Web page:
The land that would form Chatham County (pronounced: chat 'um) was ceded to the English by the Creeks in the Treaty of Savannah on May 21, 1733, confirmed and expanded by agreements of 1735 and 1736. In 1741, the Trustees of Georgia divided the colony into two counties -- Savannah and Frederica.
The County of Savannah included all of present-day Chatham County southward to the Ogeechee River. This division only lasted a year, as the Trustees in 1742 named William Stephens as president of the entire colony. After the Trustees surrendered their charter in 1752, Georgia became a royal colony.
By an act of March 15, 1758, the colonial legislature created seven parishes. With the outbreak of the American Revolution, Whig forces took control of government in Georgia. On Feb. 5, 1777, they adopted the state's first constitution -- the Constitution of 1777. Article IV of that document transformed the existing colonial parishes into seven counties, with Indian ceded lands forming an eighth county.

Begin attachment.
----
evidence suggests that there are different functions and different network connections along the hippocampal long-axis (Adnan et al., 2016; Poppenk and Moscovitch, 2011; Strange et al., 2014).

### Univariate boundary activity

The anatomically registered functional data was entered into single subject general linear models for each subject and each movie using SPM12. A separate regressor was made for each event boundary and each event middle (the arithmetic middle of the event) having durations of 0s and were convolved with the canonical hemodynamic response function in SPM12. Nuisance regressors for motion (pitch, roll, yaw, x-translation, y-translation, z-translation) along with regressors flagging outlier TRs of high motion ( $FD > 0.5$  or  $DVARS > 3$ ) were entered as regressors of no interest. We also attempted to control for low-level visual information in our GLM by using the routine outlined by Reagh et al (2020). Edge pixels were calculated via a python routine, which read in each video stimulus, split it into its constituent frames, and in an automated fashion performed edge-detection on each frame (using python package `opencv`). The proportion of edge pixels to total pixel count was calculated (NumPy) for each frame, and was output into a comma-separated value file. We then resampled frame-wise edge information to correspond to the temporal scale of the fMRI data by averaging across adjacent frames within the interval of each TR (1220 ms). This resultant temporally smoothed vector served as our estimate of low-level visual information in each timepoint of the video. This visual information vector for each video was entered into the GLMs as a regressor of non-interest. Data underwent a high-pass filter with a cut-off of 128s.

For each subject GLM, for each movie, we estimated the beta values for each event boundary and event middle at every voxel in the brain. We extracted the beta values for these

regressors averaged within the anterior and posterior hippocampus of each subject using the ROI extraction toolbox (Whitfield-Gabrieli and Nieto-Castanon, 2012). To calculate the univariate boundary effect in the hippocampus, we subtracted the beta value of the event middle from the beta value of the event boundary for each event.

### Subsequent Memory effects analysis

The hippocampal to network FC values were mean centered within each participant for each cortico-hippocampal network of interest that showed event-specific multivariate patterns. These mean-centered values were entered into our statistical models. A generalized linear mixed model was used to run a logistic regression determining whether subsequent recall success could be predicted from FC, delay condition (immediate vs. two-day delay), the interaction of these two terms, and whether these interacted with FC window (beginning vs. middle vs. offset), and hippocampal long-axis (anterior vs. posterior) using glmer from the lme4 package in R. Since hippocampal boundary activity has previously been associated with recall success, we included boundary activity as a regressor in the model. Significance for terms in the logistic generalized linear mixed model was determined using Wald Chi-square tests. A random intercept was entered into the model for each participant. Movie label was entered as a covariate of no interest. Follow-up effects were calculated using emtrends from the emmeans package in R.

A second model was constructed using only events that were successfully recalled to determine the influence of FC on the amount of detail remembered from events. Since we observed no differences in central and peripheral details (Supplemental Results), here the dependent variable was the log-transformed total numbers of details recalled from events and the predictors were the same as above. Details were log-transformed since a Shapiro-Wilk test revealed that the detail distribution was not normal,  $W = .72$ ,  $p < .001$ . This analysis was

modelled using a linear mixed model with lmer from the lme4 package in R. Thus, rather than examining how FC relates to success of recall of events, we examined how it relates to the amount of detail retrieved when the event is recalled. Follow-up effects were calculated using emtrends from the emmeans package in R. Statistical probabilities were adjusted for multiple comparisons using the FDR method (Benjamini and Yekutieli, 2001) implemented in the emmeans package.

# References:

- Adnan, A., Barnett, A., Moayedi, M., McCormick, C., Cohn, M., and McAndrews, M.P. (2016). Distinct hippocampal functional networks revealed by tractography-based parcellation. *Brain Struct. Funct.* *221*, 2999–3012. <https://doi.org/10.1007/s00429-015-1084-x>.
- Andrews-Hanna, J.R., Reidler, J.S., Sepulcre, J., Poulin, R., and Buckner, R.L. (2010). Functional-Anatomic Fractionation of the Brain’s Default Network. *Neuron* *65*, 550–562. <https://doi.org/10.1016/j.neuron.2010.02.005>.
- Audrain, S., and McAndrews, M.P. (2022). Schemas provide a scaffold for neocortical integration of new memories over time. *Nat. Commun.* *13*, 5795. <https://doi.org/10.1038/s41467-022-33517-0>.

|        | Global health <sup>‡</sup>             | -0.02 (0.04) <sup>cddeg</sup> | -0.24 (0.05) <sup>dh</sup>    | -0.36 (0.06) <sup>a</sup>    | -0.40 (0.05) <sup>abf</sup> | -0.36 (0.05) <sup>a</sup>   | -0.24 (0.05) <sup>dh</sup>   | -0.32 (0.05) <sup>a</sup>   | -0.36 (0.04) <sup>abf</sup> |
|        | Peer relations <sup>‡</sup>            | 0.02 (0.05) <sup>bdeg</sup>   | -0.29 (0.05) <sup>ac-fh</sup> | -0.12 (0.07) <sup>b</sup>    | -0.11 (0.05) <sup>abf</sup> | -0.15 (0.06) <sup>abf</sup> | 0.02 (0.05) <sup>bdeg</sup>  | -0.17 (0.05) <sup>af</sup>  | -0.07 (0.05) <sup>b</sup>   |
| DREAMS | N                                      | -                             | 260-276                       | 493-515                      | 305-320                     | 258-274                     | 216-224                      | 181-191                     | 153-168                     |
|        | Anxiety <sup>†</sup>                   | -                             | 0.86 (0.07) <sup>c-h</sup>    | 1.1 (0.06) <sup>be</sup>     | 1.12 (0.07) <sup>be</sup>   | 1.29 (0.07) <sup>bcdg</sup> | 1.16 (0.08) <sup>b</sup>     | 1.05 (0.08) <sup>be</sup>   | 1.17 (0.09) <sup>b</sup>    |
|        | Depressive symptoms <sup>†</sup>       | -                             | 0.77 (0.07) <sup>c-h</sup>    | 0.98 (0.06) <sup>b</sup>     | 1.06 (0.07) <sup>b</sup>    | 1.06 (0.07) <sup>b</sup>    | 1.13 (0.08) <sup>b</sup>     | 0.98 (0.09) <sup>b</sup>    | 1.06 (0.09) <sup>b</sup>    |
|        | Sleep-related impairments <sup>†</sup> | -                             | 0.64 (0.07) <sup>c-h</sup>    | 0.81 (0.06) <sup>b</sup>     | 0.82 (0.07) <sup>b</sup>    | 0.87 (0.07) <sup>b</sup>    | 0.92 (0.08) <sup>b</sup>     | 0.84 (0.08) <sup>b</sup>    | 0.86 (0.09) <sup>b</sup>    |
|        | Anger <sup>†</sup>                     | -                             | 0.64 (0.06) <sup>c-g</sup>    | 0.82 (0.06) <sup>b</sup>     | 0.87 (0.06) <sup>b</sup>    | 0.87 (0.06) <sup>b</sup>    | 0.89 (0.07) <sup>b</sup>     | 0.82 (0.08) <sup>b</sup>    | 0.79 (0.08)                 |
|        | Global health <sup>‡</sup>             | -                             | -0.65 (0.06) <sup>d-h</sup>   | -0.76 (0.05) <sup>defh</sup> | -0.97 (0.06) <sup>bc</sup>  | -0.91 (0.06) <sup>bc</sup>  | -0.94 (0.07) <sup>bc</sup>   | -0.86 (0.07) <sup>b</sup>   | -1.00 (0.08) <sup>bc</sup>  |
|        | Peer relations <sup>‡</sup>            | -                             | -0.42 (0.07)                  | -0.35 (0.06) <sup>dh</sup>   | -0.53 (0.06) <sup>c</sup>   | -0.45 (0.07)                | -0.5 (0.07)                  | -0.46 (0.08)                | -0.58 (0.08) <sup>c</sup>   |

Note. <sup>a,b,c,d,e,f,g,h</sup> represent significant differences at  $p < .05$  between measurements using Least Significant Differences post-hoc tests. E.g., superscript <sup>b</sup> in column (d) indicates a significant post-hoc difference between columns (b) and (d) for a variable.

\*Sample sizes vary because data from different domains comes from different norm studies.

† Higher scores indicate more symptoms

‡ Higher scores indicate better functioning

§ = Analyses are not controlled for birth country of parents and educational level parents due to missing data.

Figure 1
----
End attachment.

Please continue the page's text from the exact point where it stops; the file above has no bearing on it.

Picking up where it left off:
Chatham County, which was fifth on the list and thus is considered Georgia's fifth county, consisted of all of Christ Church Parish and that part of Saint Philip Parish south of the Canoochee River.
The county was named in honor of William Pitt, the first Earl of Chatham. Pitt (1708-1778) was British Prime Minister during the French and Indian War. Later, he opposed the Stamp Act and was a popular figure in the American counties.
In 1793, the legislature created Bryan County from the western portion of Chatham County. In 1850, land from Effingham County was annexed to Chatham.